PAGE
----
we astronomers always consider the mapping of New Zealand and the coast of Australia
to be a spinoff of this astronomical expedition that Captain Cook made. In any case, Captain
Cook and Charles Green had clear weather to observe the transit, but they couldn't time
the transit as accurately as they'd have liked. Halley's method required their timing when
Venus went inside the sun in silhouette and when it exited the sun in silhouette, several--could
be six--hours later. (SLIDE 10) The method required timing it to about a second. (Cropped_Animation
movie) But it turned out that when Venus went inside the sun and went a little further inside,
it was still joined to the edge of the sun by what you could call a ligament, almost
like taffy that pulled out and stretched, and after about a minute it popped. So the
timing was uncertain to about a minute, instead of a second, and that threw off all the calculations.
So he was unhappy, but didn't know at the time that everyone else who saw the transit
saw that same effect. It's called the Black Drop Effect.
Guillaume Le Gentil went from Paris to observe the transit from Pondicherry, India, and he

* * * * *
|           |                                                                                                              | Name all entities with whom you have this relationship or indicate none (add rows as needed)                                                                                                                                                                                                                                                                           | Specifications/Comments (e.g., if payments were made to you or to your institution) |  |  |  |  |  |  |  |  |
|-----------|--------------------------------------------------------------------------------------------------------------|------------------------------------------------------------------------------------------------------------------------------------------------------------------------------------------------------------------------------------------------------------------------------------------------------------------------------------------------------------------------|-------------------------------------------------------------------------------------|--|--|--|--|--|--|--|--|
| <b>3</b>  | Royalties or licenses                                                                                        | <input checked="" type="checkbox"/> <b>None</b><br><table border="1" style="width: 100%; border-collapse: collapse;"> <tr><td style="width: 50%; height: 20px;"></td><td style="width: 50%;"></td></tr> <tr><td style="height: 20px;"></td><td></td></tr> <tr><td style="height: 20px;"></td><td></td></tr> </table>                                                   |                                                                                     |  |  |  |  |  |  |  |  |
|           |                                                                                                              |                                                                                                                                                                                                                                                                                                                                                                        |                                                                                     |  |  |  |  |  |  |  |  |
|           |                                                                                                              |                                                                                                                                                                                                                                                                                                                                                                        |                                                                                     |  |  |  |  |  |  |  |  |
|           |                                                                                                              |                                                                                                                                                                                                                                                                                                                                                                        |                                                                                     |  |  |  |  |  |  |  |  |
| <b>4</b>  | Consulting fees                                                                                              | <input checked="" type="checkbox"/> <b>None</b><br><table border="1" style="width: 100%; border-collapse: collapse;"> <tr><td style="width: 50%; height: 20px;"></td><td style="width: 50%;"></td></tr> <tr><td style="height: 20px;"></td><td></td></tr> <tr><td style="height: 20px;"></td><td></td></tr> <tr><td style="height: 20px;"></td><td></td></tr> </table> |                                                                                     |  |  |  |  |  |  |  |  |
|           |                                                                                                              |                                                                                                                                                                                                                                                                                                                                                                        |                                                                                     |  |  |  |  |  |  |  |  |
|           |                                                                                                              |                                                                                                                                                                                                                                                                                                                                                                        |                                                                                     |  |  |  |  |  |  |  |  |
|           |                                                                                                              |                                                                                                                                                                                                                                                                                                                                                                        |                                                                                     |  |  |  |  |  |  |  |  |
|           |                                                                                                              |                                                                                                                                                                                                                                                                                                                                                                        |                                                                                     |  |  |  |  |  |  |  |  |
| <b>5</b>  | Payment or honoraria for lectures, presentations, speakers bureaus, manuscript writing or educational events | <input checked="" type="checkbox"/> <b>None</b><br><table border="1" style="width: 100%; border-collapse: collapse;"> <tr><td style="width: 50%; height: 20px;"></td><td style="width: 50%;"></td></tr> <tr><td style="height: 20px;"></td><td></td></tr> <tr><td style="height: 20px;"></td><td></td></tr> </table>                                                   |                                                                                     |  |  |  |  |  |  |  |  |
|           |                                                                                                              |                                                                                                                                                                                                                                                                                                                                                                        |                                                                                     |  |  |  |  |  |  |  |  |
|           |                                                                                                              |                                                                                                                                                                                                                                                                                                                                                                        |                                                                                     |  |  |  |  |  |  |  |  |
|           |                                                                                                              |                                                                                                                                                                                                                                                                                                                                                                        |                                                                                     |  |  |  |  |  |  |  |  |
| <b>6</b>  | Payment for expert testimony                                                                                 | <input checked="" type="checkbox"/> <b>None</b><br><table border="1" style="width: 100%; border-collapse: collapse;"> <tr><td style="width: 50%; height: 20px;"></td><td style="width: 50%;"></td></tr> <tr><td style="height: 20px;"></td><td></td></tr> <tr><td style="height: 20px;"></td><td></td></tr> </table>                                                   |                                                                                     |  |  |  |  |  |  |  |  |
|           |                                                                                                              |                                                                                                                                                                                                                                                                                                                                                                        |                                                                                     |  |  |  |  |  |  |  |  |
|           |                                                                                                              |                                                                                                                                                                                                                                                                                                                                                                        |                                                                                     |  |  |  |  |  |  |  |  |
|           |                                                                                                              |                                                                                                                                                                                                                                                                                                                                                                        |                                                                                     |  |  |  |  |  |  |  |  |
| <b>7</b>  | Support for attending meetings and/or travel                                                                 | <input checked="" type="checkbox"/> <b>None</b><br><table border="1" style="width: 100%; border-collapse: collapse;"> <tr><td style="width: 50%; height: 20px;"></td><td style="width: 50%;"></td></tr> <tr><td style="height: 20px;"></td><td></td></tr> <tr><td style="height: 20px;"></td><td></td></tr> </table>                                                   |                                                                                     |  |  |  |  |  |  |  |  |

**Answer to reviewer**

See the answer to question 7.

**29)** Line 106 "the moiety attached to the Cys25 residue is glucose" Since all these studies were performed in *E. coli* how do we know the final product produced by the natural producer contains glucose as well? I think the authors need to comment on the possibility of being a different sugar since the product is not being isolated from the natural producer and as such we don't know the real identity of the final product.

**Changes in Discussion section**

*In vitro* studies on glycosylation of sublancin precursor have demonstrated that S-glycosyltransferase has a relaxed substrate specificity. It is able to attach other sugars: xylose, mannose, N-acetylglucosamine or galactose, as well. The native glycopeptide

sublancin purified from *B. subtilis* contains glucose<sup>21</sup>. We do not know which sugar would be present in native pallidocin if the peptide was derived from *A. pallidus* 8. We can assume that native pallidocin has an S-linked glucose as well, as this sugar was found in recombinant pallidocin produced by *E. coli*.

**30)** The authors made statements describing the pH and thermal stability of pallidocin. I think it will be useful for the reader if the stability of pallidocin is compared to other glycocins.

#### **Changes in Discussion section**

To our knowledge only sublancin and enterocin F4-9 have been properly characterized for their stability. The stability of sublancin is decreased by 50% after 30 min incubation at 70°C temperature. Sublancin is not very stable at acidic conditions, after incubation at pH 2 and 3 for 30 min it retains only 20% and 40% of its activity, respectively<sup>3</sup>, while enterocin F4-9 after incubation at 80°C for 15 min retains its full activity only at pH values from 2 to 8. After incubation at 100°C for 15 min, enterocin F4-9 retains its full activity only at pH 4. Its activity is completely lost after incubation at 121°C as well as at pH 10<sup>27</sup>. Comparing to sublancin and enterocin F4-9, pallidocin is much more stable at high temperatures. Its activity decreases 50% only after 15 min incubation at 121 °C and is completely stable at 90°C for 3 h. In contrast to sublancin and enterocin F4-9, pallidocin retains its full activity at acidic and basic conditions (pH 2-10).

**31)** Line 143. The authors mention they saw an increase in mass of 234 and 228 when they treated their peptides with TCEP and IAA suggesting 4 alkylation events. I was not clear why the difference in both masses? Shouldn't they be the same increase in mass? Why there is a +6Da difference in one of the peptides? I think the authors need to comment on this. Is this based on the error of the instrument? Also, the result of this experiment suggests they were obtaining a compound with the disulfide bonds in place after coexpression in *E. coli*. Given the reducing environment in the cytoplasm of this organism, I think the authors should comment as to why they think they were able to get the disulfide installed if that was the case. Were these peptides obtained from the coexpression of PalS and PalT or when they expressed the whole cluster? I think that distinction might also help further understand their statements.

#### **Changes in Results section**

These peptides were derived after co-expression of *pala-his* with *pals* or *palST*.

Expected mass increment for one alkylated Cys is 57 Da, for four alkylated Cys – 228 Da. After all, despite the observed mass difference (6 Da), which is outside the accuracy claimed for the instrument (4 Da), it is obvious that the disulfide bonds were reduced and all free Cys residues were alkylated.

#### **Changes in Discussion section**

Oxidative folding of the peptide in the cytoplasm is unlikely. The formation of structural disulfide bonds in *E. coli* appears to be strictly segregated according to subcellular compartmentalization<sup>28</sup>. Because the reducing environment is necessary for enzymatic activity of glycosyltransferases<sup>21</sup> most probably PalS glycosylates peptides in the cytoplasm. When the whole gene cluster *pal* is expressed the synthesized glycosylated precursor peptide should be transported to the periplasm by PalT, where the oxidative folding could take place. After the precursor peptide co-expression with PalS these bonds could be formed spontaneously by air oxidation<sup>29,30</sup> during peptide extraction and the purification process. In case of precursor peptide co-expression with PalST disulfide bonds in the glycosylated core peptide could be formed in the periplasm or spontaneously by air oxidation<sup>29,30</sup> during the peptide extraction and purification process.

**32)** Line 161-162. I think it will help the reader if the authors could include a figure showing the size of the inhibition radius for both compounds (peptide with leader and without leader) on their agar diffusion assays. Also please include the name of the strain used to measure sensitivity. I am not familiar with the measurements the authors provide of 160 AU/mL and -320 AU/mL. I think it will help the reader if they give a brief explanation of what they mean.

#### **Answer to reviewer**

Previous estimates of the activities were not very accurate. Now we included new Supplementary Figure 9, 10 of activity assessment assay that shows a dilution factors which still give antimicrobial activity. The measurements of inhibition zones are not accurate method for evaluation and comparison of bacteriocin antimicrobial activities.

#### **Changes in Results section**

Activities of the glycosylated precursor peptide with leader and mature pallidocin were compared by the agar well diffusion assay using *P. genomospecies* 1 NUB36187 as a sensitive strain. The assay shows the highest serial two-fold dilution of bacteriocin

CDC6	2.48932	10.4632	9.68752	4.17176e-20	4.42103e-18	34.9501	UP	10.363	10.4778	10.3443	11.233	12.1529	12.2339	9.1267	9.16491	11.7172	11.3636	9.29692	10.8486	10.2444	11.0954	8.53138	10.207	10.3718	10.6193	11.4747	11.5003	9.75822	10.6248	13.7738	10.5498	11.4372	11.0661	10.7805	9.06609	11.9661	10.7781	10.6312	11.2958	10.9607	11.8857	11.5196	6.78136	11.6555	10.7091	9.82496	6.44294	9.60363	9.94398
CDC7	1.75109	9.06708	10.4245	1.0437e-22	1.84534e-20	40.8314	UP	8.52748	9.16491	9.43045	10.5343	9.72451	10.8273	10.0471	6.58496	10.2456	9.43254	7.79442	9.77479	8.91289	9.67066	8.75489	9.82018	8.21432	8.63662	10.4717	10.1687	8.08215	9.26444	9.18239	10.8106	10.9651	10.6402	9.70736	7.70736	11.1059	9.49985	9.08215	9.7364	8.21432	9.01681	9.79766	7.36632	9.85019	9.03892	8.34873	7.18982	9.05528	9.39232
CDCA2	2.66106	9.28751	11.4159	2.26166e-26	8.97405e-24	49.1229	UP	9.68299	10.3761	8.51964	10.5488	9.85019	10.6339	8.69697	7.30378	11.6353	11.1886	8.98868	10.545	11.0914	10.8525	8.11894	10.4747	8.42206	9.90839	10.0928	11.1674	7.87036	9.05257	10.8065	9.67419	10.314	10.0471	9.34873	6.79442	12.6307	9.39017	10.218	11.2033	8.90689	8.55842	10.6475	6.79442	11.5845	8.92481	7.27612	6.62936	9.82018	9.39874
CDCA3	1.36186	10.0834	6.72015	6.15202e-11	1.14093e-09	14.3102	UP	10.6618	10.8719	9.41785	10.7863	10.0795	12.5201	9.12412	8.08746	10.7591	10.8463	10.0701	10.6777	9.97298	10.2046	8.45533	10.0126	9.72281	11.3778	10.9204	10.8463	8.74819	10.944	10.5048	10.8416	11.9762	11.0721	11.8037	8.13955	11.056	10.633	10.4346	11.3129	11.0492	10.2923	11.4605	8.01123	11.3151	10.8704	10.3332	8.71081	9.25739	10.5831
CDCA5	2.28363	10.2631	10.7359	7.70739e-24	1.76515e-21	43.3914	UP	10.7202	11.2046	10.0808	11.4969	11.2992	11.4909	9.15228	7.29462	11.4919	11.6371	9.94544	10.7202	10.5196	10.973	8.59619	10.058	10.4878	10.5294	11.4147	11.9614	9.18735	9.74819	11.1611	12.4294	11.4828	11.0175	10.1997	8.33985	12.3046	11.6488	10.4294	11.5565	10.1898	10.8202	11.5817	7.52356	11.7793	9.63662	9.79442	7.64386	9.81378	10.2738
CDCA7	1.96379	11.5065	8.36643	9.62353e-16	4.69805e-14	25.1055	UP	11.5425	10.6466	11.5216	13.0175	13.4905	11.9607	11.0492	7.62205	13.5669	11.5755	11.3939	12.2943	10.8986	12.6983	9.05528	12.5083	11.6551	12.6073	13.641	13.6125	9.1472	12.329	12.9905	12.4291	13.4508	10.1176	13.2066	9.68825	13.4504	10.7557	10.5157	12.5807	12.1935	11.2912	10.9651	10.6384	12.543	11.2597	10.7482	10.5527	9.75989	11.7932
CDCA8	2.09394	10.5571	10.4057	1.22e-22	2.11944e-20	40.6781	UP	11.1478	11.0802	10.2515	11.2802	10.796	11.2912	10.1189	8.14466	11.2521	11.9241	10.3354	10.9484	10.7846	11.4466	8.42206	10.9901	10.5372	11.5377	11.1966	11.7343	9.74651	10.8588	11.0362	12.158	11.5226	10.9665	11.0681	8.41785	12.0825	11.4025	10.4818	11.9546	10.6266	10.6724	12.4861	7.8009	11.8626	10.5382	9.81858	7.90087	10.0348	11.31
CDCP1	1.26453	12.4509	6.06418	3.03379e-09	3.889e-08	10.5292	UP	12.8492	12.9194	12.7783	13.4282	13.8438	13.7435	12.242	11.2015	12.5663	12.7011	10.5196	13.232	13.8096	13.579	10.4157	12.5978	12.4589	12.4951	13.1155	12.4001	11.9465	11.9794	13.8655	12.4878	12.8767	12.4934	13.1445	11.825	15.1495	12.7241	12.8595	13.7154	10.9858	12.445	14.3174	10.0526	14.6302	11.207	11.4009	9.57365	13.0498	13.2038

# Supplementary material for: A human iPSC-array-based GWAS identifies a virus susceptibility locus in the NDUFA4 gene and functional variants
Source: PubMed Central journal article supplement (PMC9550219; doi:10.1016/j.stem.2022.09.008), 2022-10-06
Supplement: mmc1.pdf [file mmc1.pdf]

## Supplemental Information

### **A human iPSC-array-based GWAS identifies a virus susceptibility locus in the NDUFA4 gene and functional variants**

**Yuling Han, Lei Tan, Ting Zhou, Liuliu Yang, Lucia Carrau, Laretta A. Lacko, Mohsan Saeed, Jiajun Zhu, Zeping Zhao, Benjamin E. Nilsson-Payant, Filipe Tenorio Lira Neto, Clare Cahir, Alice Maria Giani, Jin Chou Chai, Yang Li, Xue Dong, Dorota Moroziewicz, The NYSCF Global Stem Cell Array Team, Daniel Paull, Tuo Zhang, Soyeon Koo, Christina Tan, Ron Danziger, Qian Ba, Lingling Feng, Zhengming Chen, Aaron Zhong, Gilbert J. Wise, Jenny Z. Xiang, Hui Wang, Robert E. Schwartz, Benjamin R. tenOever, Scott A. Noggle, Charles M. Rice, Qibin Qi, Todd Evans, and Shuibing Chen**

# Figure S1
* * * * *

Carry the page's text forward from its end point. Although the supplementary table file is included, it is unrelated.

wanted to time it to the second, but when the Frenchman got there, to the coast of Pondicherry,
he discovered that it was held by the British, who wouldn't let him land, so he had to observe
it from the ship. And at that time he had a pendulum clock, and that was swinging on
the ship, so he couldn't time it. He saw it, but he couldn't make his scientific observations.
So what to do? He decided to stay. It was only eight more years until the next transit.
So Le Gentil stayed, in that part of the world; he went to the Philippines, and he came back,
and eight years later he set up this observatory with major equipment, and it was clear, and
it was clear, and it was clear, and just before the transit started, it was cloudy. So he
failed, than then he tried to get home, and he was shipwrecked and he got dysentery, he